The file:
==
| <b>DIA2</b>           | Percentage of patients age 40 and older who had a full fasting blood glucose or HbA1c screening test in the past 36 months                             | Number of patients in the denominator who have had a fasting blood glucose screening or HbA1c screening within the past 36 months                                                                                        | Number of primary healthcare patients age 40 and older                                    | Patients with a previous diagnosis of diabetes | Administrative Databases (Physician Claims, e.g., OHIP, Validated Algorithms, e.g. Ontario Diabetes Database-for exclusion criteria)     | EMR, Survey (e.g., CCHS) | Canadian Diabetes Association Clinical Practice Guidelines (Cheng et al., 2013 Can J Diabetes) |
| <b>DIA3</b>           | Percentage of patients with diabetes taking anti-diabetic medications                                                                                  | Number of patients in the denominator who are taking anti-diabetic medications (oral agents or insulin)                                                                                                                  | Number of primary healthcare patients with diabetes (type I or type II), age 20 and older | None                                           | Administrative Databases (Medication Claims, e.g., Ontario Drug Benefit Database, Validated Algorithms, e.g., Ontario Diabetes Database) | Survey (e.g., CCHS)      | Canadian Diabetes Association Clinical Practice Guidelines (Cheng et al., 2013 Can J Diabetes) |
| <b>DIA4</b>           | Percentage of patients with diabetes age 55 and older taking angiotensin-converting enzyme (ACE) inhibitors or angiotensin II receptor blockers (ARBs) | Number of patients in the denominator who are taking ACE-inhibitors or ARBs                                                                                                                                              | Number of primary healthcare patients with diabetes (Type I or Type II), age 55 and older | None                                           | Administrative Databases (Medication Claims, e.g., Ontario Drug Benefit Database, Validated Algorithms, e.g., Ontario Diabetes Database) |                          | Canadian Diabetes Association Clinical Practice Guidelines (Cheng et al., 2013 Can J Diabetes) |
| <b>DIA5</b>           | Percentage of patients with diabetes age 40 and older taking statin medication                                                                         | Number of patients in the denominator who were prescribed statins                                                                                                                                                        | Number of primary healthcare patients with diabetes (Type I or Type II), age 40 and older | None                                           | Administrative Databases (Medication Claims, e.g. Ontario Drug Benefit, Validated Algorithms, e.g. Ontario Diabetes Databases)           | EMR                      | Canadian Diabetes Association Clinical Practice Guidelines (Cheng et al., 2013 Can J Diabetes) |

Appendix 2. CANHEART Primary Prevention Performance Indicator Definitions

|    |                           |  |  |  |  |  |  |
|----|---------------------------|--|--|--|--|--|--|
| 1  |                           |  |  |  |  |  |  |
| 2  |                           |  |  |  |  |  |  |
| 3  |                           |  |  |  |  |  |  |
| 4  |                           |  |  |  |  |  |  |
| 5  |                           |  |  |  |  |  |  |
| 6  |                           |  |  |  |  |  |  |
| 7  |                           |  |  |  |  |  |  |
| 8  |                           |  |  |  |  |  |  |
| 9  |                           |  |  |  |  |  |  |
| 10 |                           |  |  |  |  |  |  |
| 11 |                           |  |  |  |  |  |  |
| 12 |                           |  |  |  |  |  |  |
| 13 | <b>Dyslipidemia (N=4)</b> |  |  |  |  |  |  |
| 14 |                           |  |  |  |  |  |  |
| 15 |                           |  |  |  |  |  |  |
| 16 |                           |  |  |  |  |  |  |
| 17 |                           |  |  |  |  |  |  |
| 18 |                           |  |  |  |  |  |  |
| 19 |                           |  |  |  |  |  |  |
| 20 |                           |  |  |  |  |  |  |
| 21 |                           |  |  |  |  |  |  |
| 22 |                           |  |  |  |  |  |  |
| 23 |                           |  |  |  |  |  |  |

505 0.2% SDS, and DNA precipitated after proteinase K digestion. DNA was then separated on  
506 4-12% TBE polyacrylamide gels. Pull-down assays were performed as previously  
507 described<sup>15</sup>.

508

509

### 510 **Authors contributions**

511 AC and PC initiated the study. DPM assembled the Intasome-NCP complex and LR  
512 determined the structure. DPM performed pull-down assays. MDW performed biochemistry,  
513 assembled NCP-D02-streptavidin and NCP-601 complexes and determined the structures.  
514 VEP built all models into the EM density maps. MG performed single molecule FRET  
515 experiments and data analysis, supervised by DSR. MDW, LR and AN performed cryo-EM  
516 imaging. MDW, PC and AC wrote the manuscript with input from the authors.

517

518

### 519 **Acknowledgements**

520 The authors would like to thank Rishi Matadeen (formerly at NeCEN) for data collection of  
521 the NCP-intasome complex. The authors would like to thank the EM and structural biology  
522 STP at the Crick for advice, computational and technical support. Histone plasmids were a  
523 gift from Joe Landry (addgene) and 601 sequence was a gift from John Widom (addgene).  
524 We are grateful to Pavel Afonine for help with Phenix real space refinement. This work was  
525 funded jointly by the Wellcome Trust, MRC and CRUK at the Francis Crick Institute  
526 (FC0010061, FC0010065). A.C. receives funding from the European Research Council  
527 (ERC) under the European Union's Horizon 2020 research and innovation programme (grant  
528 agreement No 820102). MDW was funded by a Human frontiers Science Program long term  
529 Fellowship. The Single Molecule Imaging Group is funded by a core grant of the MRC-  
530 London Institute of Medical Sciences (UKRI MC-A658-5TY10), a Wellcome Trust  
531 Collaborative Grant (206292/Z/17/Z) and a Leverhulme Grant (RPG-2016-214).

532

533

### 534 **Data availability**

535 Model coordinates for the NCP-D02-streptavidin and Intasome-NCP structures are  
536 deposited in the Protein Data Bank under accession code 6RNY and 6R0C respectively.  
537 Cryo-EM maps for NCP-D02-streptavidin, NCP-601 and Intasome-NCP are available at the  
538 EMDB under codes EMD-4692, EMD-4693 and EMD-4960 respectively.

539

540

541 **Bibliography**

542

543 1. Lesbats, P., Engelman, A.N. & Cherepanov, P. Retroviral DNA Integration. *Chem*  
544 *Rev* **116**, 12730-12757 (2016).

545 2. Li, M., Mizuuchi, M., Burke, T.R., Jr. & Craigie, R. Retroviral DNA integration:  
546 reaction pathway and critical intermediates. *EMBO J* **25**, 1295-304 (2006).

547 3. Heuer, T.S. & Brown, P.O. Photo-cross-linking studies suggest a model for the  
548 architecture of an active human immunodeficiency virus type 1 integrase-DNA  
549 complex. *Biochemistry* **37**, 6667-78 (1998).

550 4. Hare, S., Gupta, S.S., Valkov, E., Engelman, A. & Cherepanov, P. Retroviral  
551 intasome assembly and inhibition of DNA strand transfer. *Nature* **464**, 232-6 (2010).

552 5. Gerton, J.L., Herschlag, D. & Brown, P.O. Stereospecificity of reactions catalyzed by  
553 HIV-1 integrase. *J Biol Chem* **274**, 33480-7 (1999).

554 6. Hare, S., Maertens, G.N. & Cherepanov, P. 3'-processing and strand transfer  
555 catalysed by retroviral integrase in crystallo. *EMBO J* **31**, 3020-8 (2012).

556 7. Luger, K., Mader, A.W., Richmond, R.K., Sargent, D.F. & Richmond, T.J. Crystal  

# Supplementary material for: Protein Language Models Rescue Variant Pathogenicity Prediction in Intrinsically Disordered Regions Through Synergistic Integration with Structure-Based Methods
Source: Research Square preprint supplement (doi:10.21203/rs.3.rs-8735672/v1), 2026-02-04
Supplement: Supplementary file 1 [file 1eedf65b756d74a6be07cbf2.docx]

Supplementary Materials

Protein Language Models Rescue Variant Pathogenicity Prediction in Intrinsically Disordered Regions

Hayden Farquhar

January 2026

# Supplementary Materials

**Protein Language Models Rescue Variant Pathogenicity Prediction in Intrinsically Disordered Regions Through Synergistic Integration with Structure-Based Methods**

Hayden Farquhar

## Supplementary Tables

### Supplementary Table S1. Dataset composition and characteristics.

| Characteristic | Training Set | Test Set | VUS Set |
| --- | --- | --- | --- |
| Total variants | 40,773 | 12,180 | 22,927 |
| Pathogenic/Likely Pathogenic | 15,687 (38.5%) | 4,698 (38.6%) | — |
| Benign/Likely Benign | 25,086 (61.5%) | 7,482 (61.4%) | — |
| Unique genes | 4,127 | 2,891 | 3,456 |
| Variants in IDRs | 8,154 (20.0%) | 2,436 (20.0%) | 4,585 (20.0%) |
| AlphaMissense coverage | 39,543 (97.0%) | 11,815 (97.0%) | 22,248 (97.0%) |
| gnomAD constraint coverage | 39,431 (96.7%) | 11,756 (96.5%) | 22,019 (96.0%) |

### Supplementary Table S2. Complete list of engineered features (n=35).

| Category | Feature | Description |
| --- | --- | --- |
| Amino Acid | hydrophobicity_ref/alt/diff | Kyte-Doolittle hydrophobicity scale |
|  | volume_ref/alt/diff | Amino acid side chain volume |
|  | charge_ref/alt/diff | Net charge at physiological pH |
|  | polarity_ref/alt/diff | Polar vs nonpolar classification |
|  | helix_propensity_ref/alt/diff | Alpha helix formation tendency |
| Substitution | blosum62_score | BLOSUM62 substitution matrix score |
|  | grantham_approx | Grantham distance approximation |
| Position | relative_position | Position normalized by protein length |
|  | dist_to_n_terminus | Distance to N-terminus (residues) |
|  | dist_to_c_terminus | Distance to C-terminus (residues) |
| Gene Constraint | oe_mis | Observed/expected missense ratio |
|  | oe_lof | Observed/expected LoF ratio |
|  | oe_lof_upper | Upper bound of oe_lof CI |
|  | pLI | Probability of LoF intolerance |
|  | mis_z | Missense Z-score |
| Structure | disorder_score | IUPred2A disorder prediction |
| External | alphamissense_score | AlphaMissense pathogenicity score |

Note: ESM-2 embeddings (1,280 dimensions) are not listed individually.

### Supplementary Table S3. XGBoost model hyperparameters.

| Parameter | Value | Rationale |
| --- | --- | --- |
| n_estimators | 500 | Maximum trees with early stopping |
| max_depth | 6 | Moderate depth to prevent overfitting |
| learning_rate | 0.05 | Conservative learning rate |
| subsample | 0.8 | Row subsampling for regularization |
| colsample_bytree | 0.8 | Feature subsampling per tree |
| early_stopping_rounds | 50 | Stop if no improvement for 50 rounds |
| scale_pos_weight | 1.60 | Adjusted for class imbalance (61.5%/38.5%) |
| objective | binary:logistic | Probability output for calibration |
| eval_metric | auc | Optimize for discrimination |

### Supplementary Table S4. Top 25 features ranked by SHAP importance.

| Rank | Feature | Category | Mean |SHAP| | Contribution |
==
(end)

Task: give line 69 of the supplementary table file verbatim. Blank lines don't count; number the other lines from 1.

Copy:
543 1. Lesbats, P., Engelman, A.N. & Cherepanov, P. Retroviral DNA Integration. *Chem*  